A Traveler’s Guide to La Morisma Festival in Mexico
If you are looking for a unique experience in Latin America, go to the festival of La Morisma, Mexico!
You will find religious processions, colonial music, horses dancing, historical representations… and 3,000 people performing just for you!
This regional fiesta is visited by 12,000 attendants every year and is a Spanish tradition that has been kept alive since 1622.
In this blog post, I will share the history, traditions, and interesting facts about La Morisma. Prepare to see with your own eyes a battle between Christians and Turks live and in high definition! I’ll also share images so you can picture this Mexican festival.
What is La Morisma, Mexico?
La Morisma de Guadalupe is a religious festival where people represent the Lepanto Battle where Christians defeated the Muslims. In this festival, Mexico is the host, but similar events exist in other parts of Latin America and Spain.
In Spain, the morismas were part of a centralized culture that longed for unity among the different peninsular kingdoms. With colonialism, Mexico inherited this tradition that is still alive today, where you can see saints chime in to favor the Iberians.
Those who represent La Morisma divide into two sides: the Turks and the Christians and they do it using clothing, weapons, and musical instruments of the time.
The event opens with a peregrination to the Convento de Nuestra Señora de Guadalupe (Our Lady of Guadalupe Convent) to go to mass.
The troops gather in Campo de los Moros (Field of the Moors) on the second day. They put up a show that represents the combat and the taking of the square by the Turks and afterward, a second misa (mass) is held.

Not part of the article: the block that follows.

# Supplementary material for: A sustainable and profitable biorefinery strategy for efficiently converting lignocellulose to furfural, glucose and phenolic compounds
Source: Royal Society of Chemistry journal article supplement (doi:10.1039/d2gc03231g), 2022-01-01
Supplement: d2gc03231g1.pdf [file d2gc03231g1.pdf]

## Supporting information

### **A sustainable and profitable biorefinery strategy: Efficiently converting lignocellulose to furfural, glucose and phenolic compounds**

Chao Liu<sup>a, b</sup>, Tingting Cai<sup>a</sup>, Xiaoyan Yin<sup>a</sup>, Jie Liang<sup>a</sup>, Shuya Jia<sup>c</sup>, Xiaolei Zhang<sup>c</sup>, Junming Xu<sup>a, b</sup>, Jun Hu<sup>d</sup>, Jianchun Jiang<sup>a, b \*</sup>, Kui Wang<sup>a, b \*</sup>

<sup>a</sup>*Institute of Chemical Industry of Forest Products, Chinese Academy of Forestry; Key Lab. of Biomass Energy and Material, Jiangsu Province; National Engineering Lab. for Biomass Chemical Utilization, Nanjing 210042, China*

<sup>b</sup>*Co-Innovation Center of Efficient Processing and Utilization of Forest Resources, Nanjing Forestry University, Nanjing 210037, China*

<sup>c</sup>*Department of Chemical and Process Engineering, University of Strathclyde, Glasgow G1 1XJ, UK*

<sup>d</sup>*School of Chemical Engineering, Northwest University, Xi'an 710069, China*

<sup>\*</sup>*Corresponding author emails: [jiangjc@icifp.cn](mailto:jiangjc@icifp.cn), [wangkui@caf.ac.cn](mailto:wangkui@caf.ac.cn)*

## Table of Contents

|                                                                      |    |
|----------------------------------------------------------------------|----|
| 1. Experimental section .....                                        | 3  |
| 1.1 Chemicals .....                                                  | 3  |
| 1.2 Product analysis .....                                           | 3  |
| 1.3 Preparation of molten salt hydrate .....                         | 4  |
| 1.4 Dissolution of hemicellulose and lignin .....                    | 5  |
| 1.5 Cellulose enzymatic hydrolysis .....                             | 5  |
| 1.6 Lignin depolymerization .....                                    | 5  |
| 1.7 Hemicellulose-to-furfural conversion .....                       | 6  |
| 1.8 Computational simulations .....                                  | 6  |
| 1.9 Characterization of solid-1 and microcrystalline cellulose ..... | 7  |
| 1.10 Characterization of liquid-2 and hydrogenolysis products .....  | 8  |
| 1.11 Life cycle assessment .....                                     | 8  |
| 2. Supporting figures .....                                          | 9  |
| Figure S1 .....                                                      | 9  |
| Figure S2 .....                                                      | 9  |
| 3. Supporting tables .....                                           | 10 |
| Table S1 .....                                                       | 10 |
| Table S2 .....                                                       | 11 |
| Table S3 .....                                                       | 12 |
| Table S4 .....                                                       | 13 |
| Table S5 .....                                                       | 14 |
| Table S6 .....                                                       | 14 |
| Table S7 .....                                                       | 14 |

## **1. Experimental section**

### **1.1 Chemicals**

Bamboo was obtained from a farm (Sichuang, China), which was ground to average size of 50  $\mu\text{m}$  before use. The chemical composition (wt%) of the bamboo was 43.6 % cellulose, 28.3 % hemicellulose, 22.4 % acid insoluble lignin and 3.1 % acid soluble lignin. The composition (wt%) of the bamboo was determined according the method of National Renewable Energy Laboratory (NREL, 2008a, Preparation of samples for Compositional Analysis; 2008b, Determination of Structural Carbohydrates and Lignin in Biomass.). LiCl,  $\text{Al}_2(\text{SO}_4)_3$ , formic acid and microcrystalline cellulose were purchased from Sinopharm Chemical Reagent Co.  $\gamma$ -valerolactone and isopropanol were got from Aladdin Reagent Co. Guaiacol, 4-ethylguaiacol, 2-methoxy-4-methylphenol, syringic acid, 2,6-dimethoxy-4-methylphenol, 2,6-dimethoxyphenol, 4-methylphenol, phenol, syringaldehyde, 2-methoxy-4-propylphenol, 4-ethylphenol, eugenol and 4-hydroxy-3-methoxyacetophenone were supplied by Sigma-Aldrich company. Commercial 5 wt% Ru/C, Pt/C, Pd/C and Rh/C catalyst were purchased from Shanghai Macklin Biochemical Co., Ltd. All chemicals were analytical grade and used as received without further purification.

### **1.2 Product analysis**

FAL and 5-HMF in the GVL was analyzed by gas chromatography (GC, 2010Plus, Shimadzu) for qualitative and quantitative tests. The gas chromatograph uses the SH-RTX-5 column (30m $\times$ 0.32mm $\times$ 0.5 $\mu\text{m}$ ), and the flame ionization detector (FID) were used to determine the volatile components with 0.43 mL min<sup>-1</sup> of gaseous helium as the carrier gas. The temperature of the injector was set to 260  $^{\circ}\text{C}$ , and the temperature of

On the third day at dawn, people sing the Mañanitas—the beautiful Mexican birthday song—to the saints at the Convent. All the downtown streets are closed so the parade of horsemen, battalions of soldiers, kings, Moors, and Christians who march accompanied by the roll of drums. This parade represents the new attempt of the Christians to recover the square. After long battles, the Turkish leader is decapitated putting an end to the conflict. La Morisma concludes when all participants come down to the Sanctuary of Our Lady of Guadalupe to receive the blessing.
The Origin of La Morisma, Mexico
La Morisma de Guadalupe in Mexico was originally a horse dance, which then evolved into a form of evangelization with horses.
It was instituted and organized by the Franciscans in 1622 to honor Our Lady of the Victory. Mexican natives represented both sides of the battle so they could feel part of it and didn’t feel excluded from the triumphal side.
Indigenous groups appropriated this history chapter and later changed its structure, narrative, symbols, and dialogues. That’s why there are many versions of it today!
The form it has now, dates back to 1900 and really few modifications have been made since. It has always been a family event and of free access and always will be.
When Does La Morisma Happens?
La Morisma, Mexico is celebrated on two dates every year:
- June 22, 23, and 24 in honor of John the Baptist
- October 5, 6, and 7 in honor to the Rosary Virgin
Where does La Morisma take place?
La Morisma, Mexico takes place in Zacatecas, the capital of the state of Zacatecas. If you decide to go in June you will encounter more historic and cultural festivals such as the commemoration of the Zacatecas Battle and the Revolutionary Cavalcade as well as other fairs in nearby cities.
If you want to go in October you can also be part of two great events: the Oral Narration and Street Theatre International Festivals.
Purpose of La Morisma, Mexico: What is so Special About it?
La Morisma de Guadalupe is organized every year with different purposes:
- To keep traditions alive.
- To maintain an identity.
- To stimulate a sense of community.
- To promote Christianity.
- To celebrate John the Baptist and the Rosary Virgin
This event is made for and by Christian believers keeping Hispanic heritage alive. Around 3,000 people take part in the representations, this hints that locals value the idea of community and doing things together.
John the Baptist and the Rosary Virgin are considered very miraculous, and Zacatecans keep them close to their hearts. That’s why people want to celebrate them, it is a way of being grateful.
Morismas are a main piece of the Zacatecans identity. What it means is that by coming to this regional festival you will understand a big deal about Mexican and Zacatecan customs and traditions.